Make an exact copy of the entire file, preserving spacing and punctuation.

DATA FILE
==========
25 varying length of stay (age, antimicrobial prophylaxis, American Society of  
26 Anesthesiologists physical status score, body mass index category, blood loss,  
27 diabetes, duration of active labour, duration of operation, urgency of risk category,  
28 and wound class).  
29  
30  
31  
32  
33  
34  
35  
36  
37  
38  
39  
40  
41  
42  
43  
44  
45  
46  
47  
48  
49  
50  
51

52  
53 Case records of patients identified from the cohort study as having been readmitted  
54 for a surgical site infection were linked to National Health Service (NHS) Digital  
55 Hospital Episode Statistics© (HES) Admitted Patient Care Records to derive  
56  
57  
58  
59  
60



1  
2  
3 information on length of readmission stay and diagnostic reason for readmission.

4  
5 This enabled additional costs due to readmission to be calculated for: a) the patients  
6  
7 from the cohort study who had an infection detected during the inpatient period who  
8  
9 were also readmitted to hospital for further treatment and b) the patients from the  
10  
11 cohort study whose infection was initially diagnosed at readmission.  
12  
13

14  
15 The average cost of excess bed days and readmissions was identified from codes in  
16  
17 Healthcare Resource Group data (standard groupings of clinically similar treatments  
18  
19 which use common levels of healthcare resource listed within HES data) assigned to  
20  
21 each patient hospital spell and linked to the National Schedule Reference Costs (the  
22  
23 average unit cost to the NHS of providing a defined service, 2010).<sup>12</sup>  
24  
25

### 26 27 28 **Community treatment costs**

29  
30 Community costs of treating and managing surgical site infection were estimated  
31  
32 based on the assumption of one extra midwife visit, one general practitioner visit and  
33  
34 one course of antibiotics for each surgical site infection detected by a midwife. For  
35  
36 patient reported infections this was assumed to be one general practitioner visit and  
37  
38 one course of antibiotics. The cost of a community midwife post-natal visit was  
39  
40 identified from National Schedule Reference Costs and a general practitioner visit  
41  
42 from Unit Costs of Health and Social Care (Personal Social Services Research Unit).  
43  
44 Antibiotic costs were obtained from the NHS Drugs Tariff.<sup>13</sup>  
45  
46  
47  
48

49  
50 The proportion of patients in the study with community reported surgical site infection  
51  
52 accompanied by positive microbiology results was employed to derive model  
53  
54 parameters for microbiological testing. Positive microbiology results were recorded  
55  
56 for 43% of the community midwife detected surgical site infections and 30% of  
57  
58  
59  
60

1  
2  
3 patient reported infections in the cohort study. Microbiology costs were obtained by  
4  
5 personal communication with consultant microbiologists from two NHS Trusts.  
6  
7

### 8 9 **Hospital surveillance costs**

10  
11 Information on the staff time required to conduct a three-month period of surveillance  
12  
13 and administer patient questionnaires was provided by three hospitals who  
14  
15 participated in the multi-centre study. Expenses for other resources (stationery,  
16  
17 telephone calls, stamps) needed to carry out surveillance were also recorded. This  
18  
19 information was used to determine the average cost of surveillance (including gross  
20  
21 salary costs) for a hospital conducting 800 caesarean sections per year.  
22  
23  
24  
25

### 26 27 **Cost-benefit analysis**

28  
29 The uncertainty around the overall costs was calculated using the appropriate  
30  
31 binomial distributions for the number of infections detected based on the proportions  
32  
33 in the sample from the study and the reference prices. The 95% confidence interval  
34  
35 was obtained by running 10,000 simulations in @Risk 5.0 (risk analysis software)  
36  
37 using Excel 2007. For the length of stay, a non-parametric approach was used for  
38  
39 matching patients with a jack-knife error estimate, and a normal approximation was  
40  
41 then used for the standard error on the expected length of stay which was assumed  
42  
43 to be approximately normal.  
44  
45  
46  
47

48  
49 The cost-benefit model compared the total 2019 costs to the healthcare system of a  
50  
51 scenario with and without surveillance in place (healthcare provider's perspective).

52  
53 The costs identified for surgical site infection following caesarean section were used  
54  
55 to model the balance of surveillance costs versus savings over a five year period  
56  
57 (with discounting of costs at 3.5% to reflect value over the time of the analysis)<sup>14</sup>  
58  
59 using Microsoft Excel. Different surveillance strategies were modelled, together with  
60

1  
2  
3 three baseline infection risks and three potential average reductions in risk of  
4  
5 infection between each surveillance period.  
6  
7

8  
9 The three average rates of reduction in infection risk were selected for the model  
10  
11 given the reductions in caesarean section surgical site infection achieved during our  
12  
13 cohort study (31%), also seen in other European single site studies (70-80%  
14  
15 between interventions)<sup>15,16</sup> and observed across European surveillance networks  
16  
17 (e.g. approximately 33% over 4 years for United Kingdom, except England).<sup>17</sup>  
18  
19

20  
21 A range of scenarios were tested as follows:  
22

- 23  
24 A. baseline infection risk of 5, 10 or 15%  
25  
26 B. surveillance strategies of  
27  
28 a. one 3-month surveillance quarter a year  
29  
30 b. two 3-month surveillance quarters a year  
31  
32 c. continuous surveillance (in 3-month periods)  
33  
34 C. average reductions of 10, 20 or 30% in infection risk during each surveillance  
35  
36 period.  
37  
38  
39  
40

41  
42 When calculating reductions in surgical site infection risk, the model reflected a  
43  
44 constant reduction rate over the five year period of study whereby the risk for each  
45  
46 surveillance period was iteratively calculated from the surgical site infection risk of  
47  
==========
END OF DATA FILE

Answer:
25 varying length of stay (age, antimicrobial prophylaxis, American Society of  
26 Anesthesiologists physical status score, body mass index category, blood loss,  
27 diabetes, duration of active labour, duration of operation, urgency of risk category,  
28 and wound class).  
29  
30  
31  
32  
33  
34  
35  
36  
37  
38  
39  
40  
41  
42  
43  
44  
45  
46  
47  
48  
49  
50  
51

52  
53 Case records of patients identified from the cohort study as having been readmitted  
54 for a surgical site infection were linked to National Health Service (NHS) Digital  
55 Hospital Episode Statistics© (HES) Admitted Patient Care Records to derive  
56  
57  
58  
59  
60



1  
2  
3 information on length of readmission stay and diagnostic reason for readmission.

4  
5 This enabled additional costs due to readmission to be calculated for: a) the patients  
6  
7 from the cohort study who had an infection detected during the inpatient period who  
8  
9 were also readmitted to hospital for further treatment and b) the patients from the  
10  
11 cohort study whose infection was initially diagnosed at readmission.  
12  
13

14  
15 The average cost of excess bed days and readmissions was identified from codes in  
16  
17 Healthcare Resource Group data (standard groupings of clinically similar treatments  
18  
19 which use common levels of healthcare resource listed within HES data) assigned to  
20  
21 each patient hospital spell and linked to the National Schedule Reference Costs (the  
22  
23 average unit cost to the NHS of providing a defined service, 2010).<sup>12</sup>  
24  
25

### 26 27 28 **Community treatment costs**

29  
30 Community costs of treating and managing surgical site infection were estimated  
31  
32 based on the assumption of one extra midwife visit, one general practitioner visit and  
33  
34 one course of antibiotics for each surgical site infection detected by a midwife. For  
35  
36 patient reported infections this was assumed to be one general practitioner visit and  
37  
38 one course of antibiotics. The cost of a community midwife post-natal visit was  
39  
40 identified from National Schedule Reference Costs and a general practitioner visit  
41  
42 from Unit Costs of Health and Social Care (Personal Social Services Research Unit).  
43  
44 Antibiotic costs were obtained from the NHS Drugs Tariff.<sup>13</sup>  
45  
46  
47  
48

49  
50 The proportion of patients in the study with community reported surgical site infection  
51  
52 accompanied by positive microbiology results was employed to derive model  
53  
54 parameters for microbiological testing. Positive microbiology results were recorded  
55  
56 for 43% of the community midwife detected surgical site infections and 30% of  
57  
58  
59  
60

1  
2  
3 patient reported infections in the cohort study. Microbiology costs were obtained by  
4  
5 personal communication with consultant microbiologists from two NHS Trusts.  
6  
7

### 8 9 **Hospital surveillance costs**

10  
11 Information on the staff time required to conduct a three-month period of surveillance  
12  
13 and administer patient questionnaires was provided by three hospitals who  
14  
15 participated in the multi-centre study. Expenses for other resources (stationery,  
16  
17 telephone calls, stamps) needed to carry out surveillance were also recorded. This  
18  
19 information was used to determine the average cost of surveillance (including gross  
20  
21 salary costs) for a hospital conducting 800 caesarean sections per year.  
22  
23  
24  
25

### 26 27 **Cost-benefit analysis**

28  
29 The uncertainty around the overall costs was calculated using the appropriate  
30  
31 binomial distributions for the number of infections detected based on the proportions  
32  
33 in the sample from the study and the reference prices. The 95% confidence interval  
34  
35 was obtained by running 10,000 simulations in @Risk 5.0 (risk analysis software)  
36  
37 using Excel 2007. For the length of stay, a non-parametric approach was used for  
38  
39 matching patients with a jack-knife error estimate, and a normal approximation was  
40  
41 then used for the standard error on the expected length of stay which was assumed  
42  
43 to be approximately normal.  
44  
45  
46  
47

48  
49 The cost-benefit model compared the total 2019 costs to the healthcare system of a  
50  
51 scenario with and without surveillance in place (healthcare provider's perspective).

52  
53 The costs identified for surgical site infection following caesarean section were used  
54  
55 to model the balance of surveillance costs versus savings over a five year period  
56  
57 (with discounting of costs at 3.5% to reflect value over the time of the analysis)<sup>14</sup>  
58  
59 using Microsoft Excel. Different surveillance strategies were modelled, together with  
60

1  
2  
3 three baseline infection risks and three potential average reductions in risk of  
4  
5 infection between each surveillance period.  
6  
7

8  
9 The three average rates of reduction in infection risk were selected for the model  
10  
11 given the reductions in caesarean section surgical site infection achieved during our  
12  
13 cohort study (31%), also seen in other European single site studies (70-80%  
14  
15 between interventions)<sup>15,16</sup> and observed across European surveillance networks  
16  
17 (e.g. approximately 33% over 4 years for United Kingdom, except England).<sup>17</sup>  
18  
19

20  
21 A range of scenarios were tested as follows:  
22

- 23  
24 A. baseline infection risk of 5, 10 or 15%  
25  
26 B. surveillance strategies of  
27  
28 a. one 3-month surveillance quarter a year  
29  
30 b. two 3-month surveillance quarters a year  
31  
32 c. continuous surveillance (in 3-month periods)  
33  
34 C. average reductions of 10, 20 or 30% in infection risk during each surveillance  
35  
36 period.  
37  
38  
39  
40

41  
42 When calculating reductions in surgical site infection risk, the model reflected a  
43  
44 constant reduction rate over the five year period of study whereby the risk for each  
45  
46 surveillance period was iteratively calculated from the surgical site infection risk of  
47  